The "Snow" Word.


Sunday, December 5th 2010, 5:57 pm
By: News On 6


My colleague, Nick Bender, recently posted an excellent blog on snow, or more precisely, the perception that most have when that particular 4-letter word is mentioned in a local weather broadcast. It seems that anytime we mention the word, it conjures up visions of school closings and travel problems among other things.  So, at the risk of firing up someone's imagination, I will mention the ‘snow' word once again. After all, as someone told me at Church one time, if it is going to be this cold it might as well snow.

Now that I have broached the subject, let me put it in the proper context. We have cold air in place at the surface and that air is also very dry through quite a depth of the atmosphere. At the jet stream level, there is sufficient moisture for the mix of clouds and sun we have had today and will have again tomorrow, but those are the very high cirrus-type clouds. This moisture is coming our way from a system currently located off the west coast and this particular system will be moving across the mountains Monday and across our state on Tuesday. Most of that moisture will be wrung out in the passage over the mountains and any additional moisture from the Gulf of Mexico is effectively cut off. Nonetheless, the system appears to have sufficient strength to provide more cloudiness and perhaps even wring out some light snow or flurries by late Tuesday or Tuesday night.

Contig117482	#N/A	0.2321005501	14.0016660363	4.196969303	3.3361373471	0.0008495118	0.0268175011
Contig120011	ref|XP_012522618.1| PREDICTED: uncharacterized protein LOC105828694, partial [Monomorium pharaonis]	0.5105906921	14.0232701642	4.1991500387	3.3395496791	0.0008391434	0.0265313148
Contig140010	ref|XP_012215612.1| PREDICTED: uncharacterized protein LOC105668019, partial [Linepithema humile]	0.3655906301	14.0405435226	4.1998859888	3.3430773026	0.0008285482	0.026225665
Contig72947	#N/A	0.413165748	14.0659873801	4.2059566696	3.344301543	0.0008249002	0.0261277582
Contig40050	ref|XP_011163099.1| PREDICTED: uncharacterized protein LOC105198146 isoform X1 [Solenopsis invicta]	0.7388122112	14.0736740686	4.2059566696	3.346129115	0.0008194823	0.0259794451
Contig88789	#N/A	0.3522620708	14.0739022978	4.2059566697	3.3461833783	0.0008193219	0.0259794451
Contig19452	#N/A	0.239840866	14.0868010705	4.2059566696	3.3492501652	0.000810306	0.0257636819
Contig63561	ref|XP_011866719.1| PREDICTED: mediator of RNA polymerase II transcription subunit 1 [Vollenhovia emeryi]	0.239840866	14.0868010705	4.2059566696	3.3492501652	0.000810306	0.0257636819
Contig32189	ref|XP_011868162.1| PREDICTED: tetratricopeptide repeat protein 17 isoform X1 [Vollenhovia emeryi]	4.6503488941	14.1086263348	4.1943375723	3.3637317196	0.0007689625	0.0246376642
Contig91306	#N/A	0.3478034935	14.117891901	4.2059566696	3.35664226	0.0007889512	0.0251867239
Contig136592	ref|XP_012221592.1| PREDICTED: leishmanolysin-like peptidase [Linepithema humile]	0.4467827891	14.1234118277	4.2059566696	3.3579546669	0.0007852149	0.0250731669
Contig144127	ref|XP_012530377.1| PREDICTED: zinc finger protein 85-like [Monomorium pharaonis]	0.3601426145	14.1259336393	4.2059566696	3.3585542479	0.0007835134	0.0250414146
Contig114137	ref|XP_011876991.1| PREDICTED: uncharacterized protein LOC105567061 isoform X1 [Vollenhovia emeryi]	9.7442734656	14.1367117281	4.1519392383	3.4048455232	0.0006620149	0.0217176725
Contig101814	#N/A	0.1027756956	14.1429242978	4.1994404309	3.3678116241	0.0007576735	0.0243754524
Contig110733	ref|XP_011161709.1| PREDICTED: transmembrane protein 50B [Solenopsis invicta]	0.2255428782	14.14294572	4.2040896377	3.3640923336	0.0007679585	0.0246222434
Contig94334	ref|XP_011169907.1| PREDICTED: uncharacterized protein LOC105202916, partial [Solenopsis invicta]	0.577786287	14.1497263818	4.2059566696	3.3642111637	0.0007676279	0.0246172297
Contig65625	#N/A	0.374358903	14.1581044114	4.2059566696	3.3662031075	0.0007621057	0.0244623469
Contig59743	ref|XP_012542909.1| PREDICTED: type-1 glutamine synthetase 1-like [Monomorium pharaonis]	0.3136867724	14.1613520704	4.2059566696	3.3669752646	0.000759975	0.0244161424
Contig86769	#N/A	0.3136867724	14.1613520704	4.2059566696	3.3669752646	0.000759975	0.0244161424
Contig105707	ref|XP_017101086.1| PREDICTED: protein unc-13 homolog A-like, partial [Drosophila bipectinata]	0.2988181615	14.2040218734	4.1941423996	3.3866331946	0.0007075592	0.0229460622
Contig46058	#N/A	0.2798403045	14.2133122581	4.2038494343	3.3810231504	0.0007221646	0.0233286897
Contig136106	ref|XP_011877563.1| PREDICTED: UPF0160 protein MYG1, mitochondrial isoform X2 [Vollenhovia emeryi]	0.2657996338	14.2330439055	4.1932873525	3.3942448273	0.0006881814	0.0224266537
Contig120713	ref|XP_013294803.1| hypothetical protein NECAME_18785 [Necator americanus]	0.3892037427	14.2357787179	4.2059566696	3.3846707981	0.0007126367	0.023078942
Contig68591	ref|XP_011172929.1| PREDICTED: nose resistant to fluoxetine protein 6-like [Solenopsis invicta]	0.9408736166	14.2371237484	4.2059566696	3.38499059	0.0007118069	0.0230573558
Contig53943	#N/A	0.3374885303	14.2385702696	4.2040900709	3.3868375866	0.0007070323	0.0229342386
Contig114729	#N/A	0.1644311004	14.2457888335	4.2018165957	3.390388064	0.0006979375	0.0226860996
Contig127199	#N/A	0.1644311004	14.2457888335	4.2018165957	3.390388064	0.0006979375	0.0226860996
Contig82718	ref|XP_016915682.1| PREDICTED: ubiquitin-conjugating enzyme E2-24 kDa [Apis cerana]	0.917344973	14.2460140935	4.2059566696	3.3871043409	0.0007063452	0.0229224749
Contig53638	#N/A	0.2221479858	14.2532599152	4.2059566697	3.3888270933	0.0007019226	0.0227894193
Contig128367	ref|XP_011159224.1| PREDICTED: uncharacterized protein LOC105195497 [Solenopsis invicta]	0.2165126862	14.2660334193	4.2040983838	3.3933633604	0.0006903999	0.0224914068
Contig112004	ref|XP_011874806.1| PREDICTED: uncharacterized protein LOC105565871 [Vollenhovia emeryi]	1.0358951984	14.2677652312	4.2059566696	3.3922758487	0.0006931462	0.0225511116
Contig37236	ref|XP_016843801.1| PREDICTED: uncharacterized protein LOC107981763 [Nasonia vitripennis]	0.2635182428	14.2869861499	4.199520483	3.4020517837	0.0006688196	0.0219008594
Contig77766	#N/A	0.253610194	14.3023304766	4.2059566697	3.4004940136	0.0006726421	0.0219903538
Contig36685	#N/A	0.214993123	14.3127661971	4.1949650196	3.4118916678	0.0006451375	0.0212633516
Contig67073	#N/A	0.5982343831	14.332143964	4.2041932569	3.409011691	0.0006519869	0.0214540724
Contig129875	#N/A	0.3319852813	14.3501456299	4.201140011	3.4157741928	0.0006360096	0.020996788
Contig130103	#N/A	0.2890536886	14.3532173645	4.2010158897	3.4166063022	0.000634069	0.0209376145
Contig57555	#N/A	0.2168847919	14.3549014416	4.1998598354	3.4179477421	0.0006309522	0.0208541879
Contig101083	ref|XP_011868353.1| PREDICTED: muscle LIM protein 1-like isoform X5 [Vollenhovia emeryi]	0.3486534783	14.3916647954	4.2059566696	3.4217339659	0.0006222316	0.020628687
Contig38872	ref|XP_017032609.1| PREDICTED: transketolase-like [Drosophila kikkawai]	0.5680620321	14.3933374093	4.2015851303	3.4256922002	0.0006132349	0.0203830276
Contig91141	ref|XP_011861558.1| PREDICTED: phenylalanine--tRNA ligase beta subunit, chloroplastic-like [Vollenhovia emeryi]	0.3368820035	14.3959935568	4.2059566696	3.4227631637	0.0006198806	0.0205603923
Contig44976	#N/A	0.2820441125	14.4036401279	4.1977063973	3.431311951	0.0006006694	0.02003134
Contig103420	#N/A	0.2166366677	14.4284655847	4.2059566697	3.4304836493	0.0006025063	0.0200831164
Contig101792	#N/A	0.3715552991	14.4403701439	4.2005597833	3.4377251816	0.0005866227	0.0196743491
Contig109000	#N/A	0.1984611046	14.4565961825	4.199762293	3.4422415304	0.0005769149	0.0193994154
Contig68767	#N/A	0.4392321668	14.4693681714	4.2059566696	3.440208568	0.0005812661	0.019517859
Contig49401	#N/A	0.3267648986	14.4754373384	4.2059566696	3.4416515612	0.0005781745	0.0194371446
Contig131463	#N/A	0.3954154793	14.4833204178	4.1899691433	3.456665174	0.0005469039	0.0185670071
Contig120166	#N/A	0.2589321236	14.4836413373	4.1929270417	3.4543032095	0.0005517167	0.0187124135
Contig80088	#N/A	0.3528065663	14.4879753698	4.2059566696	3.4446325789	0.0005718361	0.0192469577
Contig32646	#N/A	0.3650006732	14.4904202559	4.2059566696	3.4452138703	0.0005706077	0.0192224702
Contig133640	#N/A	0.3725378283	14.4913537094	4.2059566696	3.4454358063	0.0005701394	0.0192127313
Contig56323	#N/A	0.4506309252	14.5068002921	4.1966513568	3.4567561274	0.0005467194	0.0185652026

However, given how dry the air is below this moisture layer aloft, most if not all of what falls will likely evaporate or at least very little will actually reach the surface. Thus, the reference to only flurries and no accumulation. Another result is that the evaporative cooling in the sub-cloud layer will act to keep us quite chilly right on through Tuesday night. In other words, barring any major surprises, this is nothing to get excited about.

This will be followed by a brief moderating trend that will extend into the early part of the weekend before another strong cold front and significant cool-down arrives by late Saturday or Sunday. This will keep us quite chilly through the early part of the following week, but at present our precipitation chances appear to be in the slim to none category.

As always, stay tuned and check back for updates.

Dick Faurot